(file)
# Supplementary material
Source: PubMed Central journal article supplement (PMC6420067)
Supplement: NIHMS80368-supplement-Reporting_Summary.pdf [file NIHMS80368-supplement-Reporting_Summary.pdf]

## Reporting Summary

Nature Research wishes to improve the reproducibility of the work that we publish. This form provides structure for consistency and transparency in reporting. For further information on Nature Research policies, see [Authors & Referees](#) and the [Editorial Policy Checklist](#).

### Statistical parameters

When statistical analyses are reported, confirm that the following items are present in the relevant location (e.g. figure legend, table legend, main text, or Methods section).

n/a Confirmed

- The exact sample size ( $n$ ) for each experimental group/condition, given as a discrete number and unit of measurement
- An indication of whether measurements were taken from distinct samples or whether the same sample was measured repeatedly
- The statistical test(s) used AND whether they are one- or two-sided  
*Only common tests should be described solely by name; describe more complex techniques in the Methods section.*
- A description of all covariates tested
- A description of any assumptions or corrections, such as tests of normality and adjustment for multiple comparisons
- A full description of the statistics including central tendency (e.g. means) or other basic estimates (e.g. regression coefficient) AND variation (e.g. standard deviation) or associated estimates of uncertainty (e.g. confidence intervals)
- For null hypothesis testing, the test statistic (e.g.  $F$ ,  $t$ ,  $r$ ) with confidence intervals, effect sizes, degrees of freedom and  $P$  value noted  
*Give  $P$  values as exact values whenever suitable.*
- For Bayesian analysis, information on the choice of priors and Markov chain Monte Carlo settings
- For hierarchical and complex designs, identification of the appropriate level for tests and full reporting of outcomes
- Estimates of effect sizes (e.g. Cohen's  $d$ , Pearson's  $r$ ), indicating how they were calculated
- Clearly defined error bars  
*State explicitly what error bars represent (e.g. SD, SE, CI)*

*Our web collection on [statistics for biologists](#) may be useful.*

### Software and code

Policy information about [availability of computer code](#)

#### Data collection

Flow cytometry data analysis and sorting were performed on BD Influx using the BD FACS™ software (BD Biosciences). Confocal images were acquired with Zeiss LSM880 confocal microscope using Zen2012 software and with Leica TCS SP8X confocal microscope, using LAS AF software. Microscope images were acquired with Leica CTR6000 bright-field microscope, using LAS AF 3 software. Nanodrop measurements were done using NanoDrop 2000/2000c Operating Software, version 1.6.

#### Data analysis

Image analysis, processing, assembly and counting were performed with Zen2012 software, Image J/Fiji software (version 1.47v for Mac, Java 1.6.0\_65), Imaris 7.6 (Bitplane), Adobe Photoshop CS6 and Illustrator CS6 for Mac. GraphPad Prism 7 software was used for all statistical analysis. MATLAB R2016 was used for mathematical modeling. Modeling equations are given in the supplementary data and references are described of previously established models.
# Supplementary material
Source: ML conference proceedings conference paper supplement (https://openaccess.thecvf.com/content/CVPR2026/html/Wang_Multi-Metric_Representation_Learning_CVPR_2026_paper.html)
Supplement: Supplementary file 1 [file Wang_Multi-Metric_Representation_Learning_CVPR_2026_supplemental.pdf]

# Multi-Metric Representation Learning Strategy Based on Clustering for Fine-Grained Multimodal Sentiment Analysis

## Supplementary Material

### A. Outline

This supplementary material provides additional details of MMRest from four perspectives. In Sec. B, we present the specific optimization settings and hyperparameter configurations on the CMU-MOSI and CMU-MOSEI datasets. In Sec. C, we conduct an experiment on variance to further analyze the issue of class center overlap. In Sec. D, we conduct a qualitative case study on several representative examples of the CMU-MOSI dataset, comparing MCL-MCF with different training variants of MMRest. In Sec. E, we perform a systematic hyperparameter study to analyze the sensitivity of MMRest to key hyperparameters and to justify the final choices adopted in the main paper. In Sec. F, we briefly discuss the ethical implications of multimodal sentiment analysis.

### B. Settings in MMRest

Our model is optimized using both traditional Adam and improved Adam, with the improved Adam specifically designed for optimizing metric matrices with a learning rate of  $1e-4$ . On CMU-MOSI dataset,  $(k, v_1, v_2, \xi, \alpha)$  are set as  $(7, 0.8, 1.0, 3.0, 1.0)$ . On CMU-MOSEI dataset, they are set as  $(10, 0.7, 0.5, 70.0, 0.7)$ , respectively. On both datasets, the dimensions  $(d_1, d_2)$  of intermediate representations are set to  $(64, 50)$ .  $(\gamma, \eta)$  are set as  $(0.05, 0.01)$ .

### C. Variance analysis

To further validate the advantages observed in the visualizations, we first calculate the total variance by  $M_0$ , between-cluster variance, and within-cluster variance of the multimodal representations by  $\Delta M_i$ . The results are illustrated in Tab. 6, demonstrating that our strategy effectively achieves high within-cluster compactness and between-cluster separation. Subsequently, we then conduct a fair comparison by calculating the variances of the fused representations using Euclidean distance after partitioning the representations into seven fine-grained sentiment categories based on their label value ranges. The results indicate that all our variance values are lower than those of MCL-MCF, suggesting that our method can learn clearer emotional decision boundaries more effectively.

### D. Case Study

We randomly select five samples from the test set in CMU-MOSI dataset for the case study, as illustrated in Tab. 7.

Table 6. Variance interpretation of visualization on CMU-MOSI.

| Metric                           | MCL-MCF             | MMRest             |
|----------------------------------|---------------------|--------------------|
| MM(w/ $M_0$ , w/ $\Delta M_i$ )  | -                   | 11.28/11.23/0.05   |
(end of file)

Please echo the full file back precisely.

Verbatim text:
# Supplementary material
Source: PubMed Central journal article supplement (PMC6420067)
Supplement: NIHMS80368-supplement-Reporting_Summary.pdf [file NIHMS80368-supplement-Reporting_Summary.pdf]

## Reporting Summary

Nature Research wishes to improve the reproducibility of the work that we publish. This form provides structure for consistency and transparency in reporting. For further information on Nature Research policies, see [Authors & Referees](#) and the [Editorial Policy Checklist](#).

### Statistical parameters

When statistical analyses are reported, confirm that the following items are present in the relevant location (e.g. figure legend, table legend, main text, or Methods section).

n/a Confirmed

- The exact sample size ( $n$ ) for each experimental group/condition, given as a discrete number and unit of measurement
- An indication of whether measurements were taken from distinct samples or whether the same sample was measured repeatedly
- The statistical test(s) used AND whether they are one- or two-sided  
*Only common tests should be described solely by name; describe more complex techniques in the Methods section.*
- A description of all covariates tested
- A description of any assumptions or corrections, such as tests of normality and adjustment for multiple comparisons
- A full description of the statistics including central tendency (e.g. means) or other basic estimates (e.g. regression coefficient) AND variation (e.g. standard deviation) or associated estimates of uncertainty (e.g. confidence intervals)
- For null hypothesis testing, the test statistic (e.g.  $F$ ,  $t$ ,  $r$ ) with confidence intervals, effect sizes, degrees of freedom and  $P$  value noted  
*Give  $P$  values as exact values whenever suitable.*
- For Bayesian analysis, information on the choice of priors and Markov chain Monte Carlo settings
- For hierarchical and complex designs, identification of the appropriate level for tests and full reporting of outcomes
- Estimates of effect sizes (e.g. Cohen's  $d$ , Pearson's  $r$ ), indicating how they were calculated
- Clearly defined error bars  
*State explicitly what error bars represent (e.g. SD, SE, CI)*

*Our web collection on [statistics for biologists](#) may be useful.*

### Software and code

Policy information about [availability of computer code](#)

#### Data collection

Flow cytometry data analysis and sorting were performed on BD Influx using the BD FACS™ software (BD Biosciences). Confocal images were acquired with Zeiss LSM880 confocal microscope using Zen2012 software and with Leica TCS SP8X confocal microscope, using LAS AF software. Microscope images were acquired with Leica CTR6000 bright-field microscope, using LAS AF 3 software. Nanodrop measurements were done using NanoDrop 2000/2000c Operating Software, version 1.6.

#### Data analysis

Image analysis, processing, assembly and counting were performed with Zen2012 software, Image J/Fiji software (version 1.47v for Mac, Java 1.6.0\_65), Imaris 7.6 (Bitplane), Adobe Photoshop CS6 and Illustrator CS6 for Mac. GraphPad Prism 7 software was used for all statistical analysis. MATLAB R2016 was used for mathematical modeling. Modeling equations are given in the supplementary data and references are described of previously established models.
# Supplementary material
Source: ML conference proceedings conference paper supplement (https://openaccess.thecvf.com/content/CVPR2026/html/Wang_Multi-Metric_Representation_Learning_CVPR_2026_paper.html)
Supplement: Supplementary file 1 [file Wang_Multi-Metric_Representation_Learning_CVPR_2026_supplemental.pdf]

# Multi-Metric Representation Learning Strategy Based on Clustering for Fine-Grained Multimodal Sentiment Analysis

## Supplementary Material

### A. Outline

This supplementary material provides additional details of MMRest from four perspectives. In Sec. B, we present the specific optimization settings and hyperparameter configurations on the CMU-MOSI and CMU-MOSEI datasets. In Sec. C, we conduct an experiment on variance to further analyze the issue of class center overlap. In Sec. D, we conduct a qualitative case study on several representative examples of the CMU-MOSI dataset, comparing MCL-MCF with different training variants of MMRest. In Sec. E, we perform a systematic hyperparameter study to analyze the sensitivity of MMRest to key hyperparameters and to justify the final choices adopted in the main paper. In Sec. F, we briefly discuss the ethical implications of multimodal sentiment analysis.

### B. Settings in MMRest

Our model is optimized using both traditional Adam and improved Adam, with the improved Adam specifically designed for optimizing metric matrices with a learning rate of  $1e-4$ . On CMU-MOSI dataset,  $(k, v_1, v_2, \xi, \alpha)$  are set as  $(7, 0.8, 1.0, 3.0, 1.0)$ . On CMU-MOSEI dataset, they are set as  $(10, 0.7, 0.5, 70.0, 0.7)$ , respectively. On both datasets, the dimensions  $(d_1, d_2)$  of intermediate representations are set to  $(64, 50)$ .  $(\gamma, \eta)$  are set as  $(0.05, 0.01)$ .

### C. Variance analysis

To further validate the advantages observed in the visualizations, we first calculate the total variance by  $M_0$ , between-cluster variance, and within-cluster variance of the multimodal representations by  $\Delta M_i$ . The results are illustrated in Tab. 6, demonstrating that our strategy effectively achieves high within-cluster compactness and between-cluster separation. Subsequently, we then conduct a fair comparison by calculating the variances of the fused representations using Euclidean distance after partitioning the representations into seven fine-grained sentiment categories based on their label value ranges. The results indicate that all our variance values are lower than those of MCL-MCF, suggesting that our method can learn clearer emotional decision boundaries more effectively.

### D. Case Study

We randomly select five samples from the test set in CMU-MOSI dataset for the case study, as illustrated in Tab. 7.

Table 6. Variance interpretation of visualization on CMU-MOSI.

| Metric                           | MCL-MCF             | MMRest             |
|----------------------------------|---------------------|--------------------|
| MM(w/ $M_0$ , w/ $\Delta M_i$ )  | -                   | 11.28/11.23/0.05   |